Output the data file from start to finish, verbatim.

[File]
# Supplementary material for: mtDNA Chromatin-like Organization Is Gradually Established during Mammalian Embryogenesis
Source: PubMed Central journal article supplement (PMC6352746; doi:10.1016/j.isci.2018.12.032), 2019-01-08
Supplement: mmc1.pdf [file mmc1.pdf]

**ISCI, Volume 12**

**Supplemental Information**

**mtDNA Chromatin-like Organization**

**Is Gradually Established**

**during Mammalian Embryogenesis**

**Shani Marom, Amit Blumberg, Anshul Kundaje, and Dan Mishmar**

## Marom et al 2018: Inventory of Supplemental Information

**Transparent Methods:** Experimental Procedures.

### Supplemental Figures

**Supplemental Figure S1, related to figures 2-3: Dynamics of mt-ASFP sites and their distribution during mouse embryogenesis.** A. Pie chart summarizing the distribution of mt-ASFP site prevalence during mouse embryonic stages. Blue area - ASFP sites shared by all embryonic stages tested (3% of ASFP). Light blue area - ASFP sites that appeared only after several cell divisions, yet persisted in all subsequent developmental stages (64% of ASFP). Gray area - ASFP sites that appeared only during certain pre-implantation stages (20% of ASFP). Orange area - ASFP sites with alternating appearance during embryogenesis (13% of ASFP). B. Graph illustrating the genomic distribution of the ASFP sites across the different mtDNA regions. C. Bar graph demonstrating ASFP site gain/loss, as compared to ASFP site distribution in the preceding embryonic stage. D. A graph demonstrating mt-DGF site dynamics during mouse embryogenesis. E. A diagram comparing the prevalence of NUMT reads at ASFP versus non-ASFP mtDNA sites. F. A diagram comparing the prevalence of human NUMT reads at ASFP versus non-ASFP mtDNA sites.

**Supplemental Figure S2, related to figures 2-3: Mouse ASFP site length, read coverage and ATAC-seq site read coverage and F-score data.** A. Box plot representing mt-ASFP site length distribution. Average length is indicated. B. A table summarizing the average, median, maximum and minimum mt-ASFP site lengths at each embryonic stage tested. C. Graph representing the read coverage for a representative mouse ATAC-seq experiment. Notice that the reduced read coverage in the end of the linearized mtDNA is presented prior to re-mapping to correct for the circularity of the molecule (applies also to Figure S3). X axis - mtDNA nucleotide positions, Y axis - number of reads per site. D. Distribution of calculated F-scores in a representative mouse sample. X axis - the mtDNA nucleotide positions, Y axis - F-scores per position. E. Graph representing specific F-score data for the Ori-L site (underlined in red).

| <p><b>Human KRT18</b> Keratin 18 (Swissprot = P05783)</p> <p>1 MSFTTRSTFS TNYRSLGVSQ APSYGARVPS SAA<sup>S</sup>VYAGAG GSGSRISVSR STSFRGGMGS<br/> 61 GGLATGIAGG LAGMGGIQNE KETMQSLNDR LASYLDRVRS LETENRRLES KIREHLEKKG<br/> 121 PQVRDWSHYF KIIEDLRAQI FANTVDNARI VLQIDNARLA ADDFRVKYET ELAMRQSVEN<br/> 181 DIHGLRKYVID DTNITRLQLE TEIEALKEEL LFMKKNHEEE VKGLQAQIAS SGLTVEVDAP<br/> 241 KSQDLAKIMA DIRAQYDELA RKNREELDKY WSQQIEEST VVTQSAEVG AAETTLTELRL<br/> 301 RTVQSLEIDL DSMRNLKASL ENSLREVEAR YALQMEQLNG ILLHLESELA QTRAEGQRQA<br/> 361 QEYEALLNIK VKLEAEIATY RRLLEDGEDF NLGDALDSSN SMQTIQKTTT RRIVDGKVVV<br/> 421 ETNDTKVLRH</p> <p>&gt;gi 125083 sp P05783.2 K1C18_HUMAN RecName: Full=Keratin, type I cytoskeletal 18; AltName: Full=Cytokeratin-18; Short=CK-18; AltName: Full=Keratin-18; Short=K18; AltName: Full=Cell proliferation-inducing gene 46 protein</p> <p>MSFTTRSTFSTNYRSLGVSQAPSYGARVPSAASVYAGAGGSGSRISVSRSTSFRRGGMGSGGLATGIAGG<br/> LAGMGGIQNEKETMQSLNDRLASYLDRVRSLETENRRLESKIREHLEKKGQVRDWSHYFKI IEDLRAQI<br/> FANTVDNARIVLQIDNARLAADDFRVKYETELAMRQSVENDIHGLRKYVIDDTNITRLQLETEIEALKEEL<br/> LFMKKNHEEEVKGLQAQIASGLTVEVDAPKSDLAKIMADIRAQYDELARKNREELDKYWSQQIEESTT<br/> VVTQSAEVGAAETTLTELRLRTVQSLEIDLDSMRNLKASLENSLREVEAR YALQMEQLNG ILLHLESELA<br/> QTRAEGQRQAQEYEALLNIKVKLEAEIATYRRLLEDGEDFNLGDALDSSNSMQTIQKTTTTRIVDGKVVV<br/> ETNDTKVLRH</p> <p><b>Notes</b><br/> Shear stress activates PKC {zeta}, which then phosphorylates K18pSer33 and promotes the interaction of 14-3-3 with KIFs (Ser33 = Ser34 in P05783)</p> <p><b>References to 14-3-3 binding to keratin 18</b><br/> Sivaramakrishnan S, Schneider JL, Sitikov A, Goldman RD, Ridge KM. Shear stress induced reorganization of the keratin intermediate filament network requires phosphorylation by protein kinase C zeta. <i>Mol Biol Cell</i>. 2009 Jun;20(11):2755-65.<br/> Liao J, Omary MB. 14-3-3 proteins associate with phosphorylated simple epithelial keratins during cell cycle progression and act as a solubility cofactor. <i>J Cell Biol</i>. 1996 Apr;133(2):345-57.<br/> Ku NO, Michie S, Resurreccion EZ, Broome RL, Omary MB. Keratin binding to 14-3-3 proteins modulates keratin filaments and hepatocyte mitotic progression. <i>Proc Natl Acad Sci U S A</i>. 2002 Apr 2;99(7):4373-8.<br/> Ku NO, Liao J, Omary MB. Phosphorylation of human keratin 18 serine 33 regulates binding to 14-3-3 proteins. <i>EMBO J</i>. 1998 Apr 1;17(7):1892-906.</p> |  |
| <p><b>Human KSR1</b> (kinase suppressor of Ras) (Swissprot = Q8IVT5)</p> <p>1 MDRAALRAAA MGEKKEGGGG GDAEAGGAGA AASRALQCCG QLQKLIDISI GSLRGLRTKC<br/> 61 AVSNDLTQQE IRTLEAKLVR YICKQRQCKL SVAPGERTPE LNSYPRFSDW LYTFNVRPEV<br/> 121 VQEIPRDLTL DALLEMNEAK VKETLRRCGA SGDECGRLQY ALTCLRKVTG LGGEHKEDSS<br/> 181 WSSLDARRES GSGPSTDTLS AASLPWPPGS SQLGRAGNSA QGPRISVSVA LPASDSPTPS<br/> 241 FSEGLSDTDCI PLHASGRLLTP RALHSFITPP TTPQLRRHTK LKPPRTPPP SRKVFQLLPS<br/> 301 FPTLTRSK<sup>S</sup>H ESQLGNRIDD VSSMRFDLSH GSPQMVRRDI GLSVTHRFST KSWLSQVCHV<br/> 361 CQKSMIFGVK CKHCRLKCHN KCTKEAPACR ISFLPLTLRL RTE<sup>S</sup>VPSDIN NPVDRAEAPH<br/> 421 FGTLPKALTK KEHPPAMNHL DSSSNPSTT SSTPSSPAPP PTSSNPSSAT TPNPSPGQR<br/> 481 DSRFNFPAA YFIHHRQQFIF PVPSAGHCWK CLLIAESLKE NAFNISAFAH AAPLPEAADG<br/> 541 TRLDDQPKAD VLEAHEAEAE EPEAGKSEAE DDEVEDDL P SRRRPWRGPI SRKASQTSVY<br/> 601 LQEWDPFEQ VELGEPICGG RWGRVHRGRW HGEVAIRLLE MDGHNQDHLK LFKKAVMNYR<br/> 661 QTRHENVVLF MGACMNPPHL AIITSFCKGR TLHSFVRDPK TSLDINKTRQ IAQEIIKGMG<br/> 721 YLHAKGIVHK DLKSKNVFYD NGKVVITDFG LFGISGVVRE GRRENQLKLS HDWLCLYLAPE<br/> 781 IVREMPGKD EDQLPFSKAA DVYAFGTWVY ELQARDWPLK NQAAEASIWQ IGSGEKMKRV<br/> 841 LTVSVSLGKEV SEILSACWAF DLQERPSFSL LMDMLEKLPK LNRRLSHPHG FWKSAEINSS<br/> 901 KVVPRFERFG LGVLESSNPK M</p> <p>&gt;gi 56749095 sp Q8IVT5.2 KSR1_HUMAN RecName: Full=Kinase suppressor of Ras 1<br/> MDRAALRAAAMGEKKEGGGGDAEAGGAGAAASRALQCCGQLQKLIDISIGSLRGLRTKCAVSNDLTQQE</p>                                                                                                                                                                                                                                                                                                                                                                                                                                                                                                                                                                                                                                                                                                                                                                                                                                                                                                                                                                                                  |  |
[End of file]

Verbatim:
# Supplementary material for: mtDNA Chromatin-like Organization Is Gradually Established during Mammalian Embryogenesis
Source: PubMed Central journal article supplement (PMC6352746; doi:10.1016/j.isci.2018.12.032), 2019-01-08
Supplement: mmc1.pdf [file mmc1.pdf]

**ISCI, Volume 12**

**Supplemental Information**

**mtDNA Chromatin-like Organization**

**Is Gradually Established**

**during Mammalian Embryogenesis**

**Shani Marom, Amit Blumberg, Anshul Kundaje, and Dan Mishmar**

## Marom et al 2018: Inventory of Supplemental Information

**Transparent Methods:** Experimental Procedures.

### Supplemental Figures

**Supplemental Figure S1, related to figures 2-3: Dynamics of mt-ASFP sites and their distribution during mouse embryogenesis.** A. Pie chart summarizing the distribution of mt-ASFP site prevalence during mouse embryonic stages. Blue area - ASFP sites shared by all embryonic stages tested (3% of ASFP). Light blue area - ASFP sites that appeared only after several cell divisions, yet persisted in all subsequent developmental stages (64% of ASFP). Gray area - ASFP sites that appeared only during certain pre-implantation stages (20% of ASFP). Orange area - ASFP sites with alternating appearance during embryogenesis (13% of ASFP). B. Graph illustrating the genomic distribution of the ASFP sites across the different mtDNA regions. C. Bar graph demonstrating ASFP site gain/loss, as compared to ASFP site distribution in the preceding embryonic stage. D. A graph demonstrating mt-DGF site dynamics during mouse embryogenesis. E. A diagram comparing the prevalence of NUMT reads at ASFP versus non-ASFP mtDNA sites. F. A diagram comparing the prevalence of human NUMT reads at ASFP versus non-ASFP mtDNA sites.

**Supplemental Figure S2, related to figures 2-3: Mouse ASFP site length, read coverage and ATAC-seq site read coverage and F-score data.** A. Box plot representing mt-ASFP site length distribution. Average length is indicated. B. A table summarizing the average, median, maximum and minimum mt-ASFP site lengths at each embryonic stage tested. C. Graph representing the read coverage for a representative mouse ATAC-seq experiment. Notice that the reduced read coverage in the end of the linearized mtDNA is presented prior to re-mapping to correct for the circularity of the molecule (applies also to Figure S3). X axis - mtDNA nucleotide positions, Y axis - number of reads per site. D. Distribution of calculated F-scores in a representative mouse sample. X axis - the mtDNA nucleotide positions, Y axis - F-scores per position. E. Graph representing specific F-score data for the Ori-L site (underlined in red).

| <p><b>Human KRT18</b> Keratin 18 (Swissprot = P05783)</p> <p>1 MSFTTRSTFS TNYRSLGVSQ APSYGARVPS SAA<sup>S</sup>VYAGAG GSGSRISVSR STSFRGGMGS<br/> 61 GGLATGIAGG LAGMGGIQNE KETMQSLNDR LASYLDRVRS LETENRRLES KIREHLEKKG<br/> 121 PQVRDWSHYF KIIEDLRAQI FANTVDNARI VLQIDNARLA ADDFRVKYET ELAMRQSVEN<br/> 181 DIHGLRKYVID DTNITRLQLE TEIEALKEEL LFMKKNHEEE VKGLQAQIAS SGLTVEVDAP<br/> 241 KSQDLAKIMA DIRAQYDELA RKNREELDKY WSQQIEEST VVTQSAEVG AAETTLTELRL<br/> 301 RTVQSLEIDL DSMRNLKASL ENSLREVEAR YALQMEQLNG ILLHLESELA QTRAEGQRQA<br/> 361 QEYEALLNIK VKLEAEIATY RRLLEDGEDF NLGDALDSSN SMQTIQKTTT RRIVDGKVVV<br/> 421 ETNDTKVLRH</p> <p>&gt;gi 125083 sp P05783.2 K1C18_HUMAN RecName: Full=Keratin, type I cytoskeletal 18; AltName: Full=Cytokeratin-18; Short=CK-18; AltName: Full=Keratin-18; Short=K18; AltName: Full=Cell proliferation-inducing gene 46 protein</p> <p>MSFTTRSTFSTNYRSLGVSQAPSYGARVPSAASVYAGAGGSGSRISVSRSTSFRRGGMGSGGLATGIAGG<br/> LAGMGGIQNEKETMQSLNDRLASYLDRVRSLETENRRLESKIREHLEKKGQVRDWSHYFKI IEDLRAQI<br/> FANTVDNARIVLQIDNARLAADDFRVKYETELAMRQSVENDIHGLRKYVIDDTNITRLQLETEIEALKEEL<br/> LFMKKNHEEEVKGLQAQIASGLTVEVDAPKSDLAKIMADIRAQYDELARKNREELDKYWSQQIEESTT<br/> VVTQSAEVGAAETTLTELRLRTVQSLEIDLDSMRNLKASLENSLREVEAR YALQMEQLNG ILLHLESELA<br/> QTRAEGQRQAQEYEALLNIKVKLEAEIATYRRLLEDGEDFNLGDALDSSNSMQTIQKTTTTRIVDGKVVV<br/> ETNDTKVLRH</p> <p><b>Notes</b><br/> Shear stress activates PKC {zeta}, which then phosphorylates K18pSer33 and promotes the interaction of 14-3-3 with KIFs (Ser33 = Ser34 in P05783)</p> <p><b>References to 14-3-3 binding to keratin 18</b><br/> Sivaramakrishnan S, Schneider JL, Sitikov A, Goldman RD, Ridge KM. Shear stress induced reorganization of the keratin intermediate filament network requires phosphorylation by protein kinase C zeta. <i>Mol Biol Cell</i>. 2009 Jun;20(11):2755-65.<br/> Liao J, Omary MB. 14-3-3 proteins associate with phosphorylated simple epithelial keratins during cell cycle progression and act as a solubility cofactor. <i>J Cell Biol</i>. 1996 Apr;133(2):345-57.<br/> Ku NO, Michie S, Resurreccion EZ, Broome RL, Omary MB. Keratin binding to 14-3-3 proteins modulates keratin filaments and hepatocyte mitotic progression. <i>Proc Natl Acad Sci U S A</i>. 2002 Apr 2;99(7):4373-8.<br/> Ku NO, Liao J, Omary MB. Phosphorylation of human keratin 18 serine 33 regulates binding to 14-3-3 proteins. <i>EMBO J</i>. 1998 Apr 1;17(7):1892-906.</p> |  |
| <p><b>Human KSR1</b> (kinase suppressor of Ras) (Swissprot = Q8IVT5)</p> <p>1 MDRAALRAAA MGEKKEGGGG GDAEAGGAGA AASRALQCCG QLQKLIDISI GSLRGLRTKC<br/> 61 AVSNDLTQQE IRTLEAKLVR YICKQRQCKL SVAPGERTPE LNSYPRFSDW LYTFNVRPEV<br/> 121 VQEIPRDLTL DALLEMNEAK VKETLRRCGA SGDECGRLQY ALTCLRKVTG LGGEHKEDSS<br/> 181 WSSLDARRES GSGPSTDTLS AASLPWPPGS SQLGRAGNSA QGPRISVSVA LPASDSPTPS<br/> 241 FSEGLSDTDCI PLHASGRLLTP RALHSFITPP TTPQLRRHTK LKPPRTPPP SRKVFQLLPS<br/> 301 FPTLTRSK<sup>S</sup>H ESQLGNRIDD VSSMRFDLSH GSPQMVRRDI GLSVTHRFST KSWLSQVCHV<br/> 361 CQKSMIFGVK CKHCRLKCHN KCTKEAPACR ISFLPLTLRL RTE<sup>S</sup>VPSDIN NPVDRAEAPH<br/> 421 FGTLPKALTK KEHPPAMNHL DSSSNPSTT SSTPSSPAPP PTSSNPSSAT TPNPSPGQR<br/> 481 DSRFNFPAA YFIHHRQQFIF PVPSAGHCWK CLLIAESLKE NAFNISAFAH AAPLPEAADG<br/> 541 TRLDDQPKAD VLEAHEAEAE EPEAGKSEAE DDEVEDDL P SRRRPWRGPI SRKASQTSVY<br/> 601 LQEWDPFEQ VELGEPICGG RWGRVHRGRW HGEVAIRLLE MDGHNQDHLK LFKKAVMNYR<br/> 661 QTRHENVVLF MGACMNPPHL AIITSFCKGR TLHSFVRDPK TSLDINKTRQ IAQEIIKGMG<br/> 721 YLHAKGIVHK DLKSKNVFYD NGKVVITDFG LFGISGVVRE GRRENQLKLS HDWLCLYLAPE<br/> 781 IVREMPGKD EDQLPFSKAA DVYAFGTWVY ELQARDWPLK NQAAEASIWQ IGSGEKMKRV<br/> 841 LTVSVSLGKEV SEILSACWAF DLQERPSFSL LMDMLEKLPK LNRRLSHPHG FWKSAEINSS<br/> 901 KVVPRFERFG LGVLESSNPK M</p> <p>&gt;gi 56749095 sp Q8IVT5.2 KSR1_HUMAN RecName: Full=Kinase suppressor of Ras 1<br/> MDRAALRAAAMGEKKEGGGGDAEAGGAGAAASRALQCCGQLQKLIDISIGSLRGLRTKCAVSNDLTQQE</p>                                                                                                                                                                                                                                                                                                                                                                                                                                                                                                                                                                                                                                                                                                                                                                                                                                                                                                                                                                                                  |  |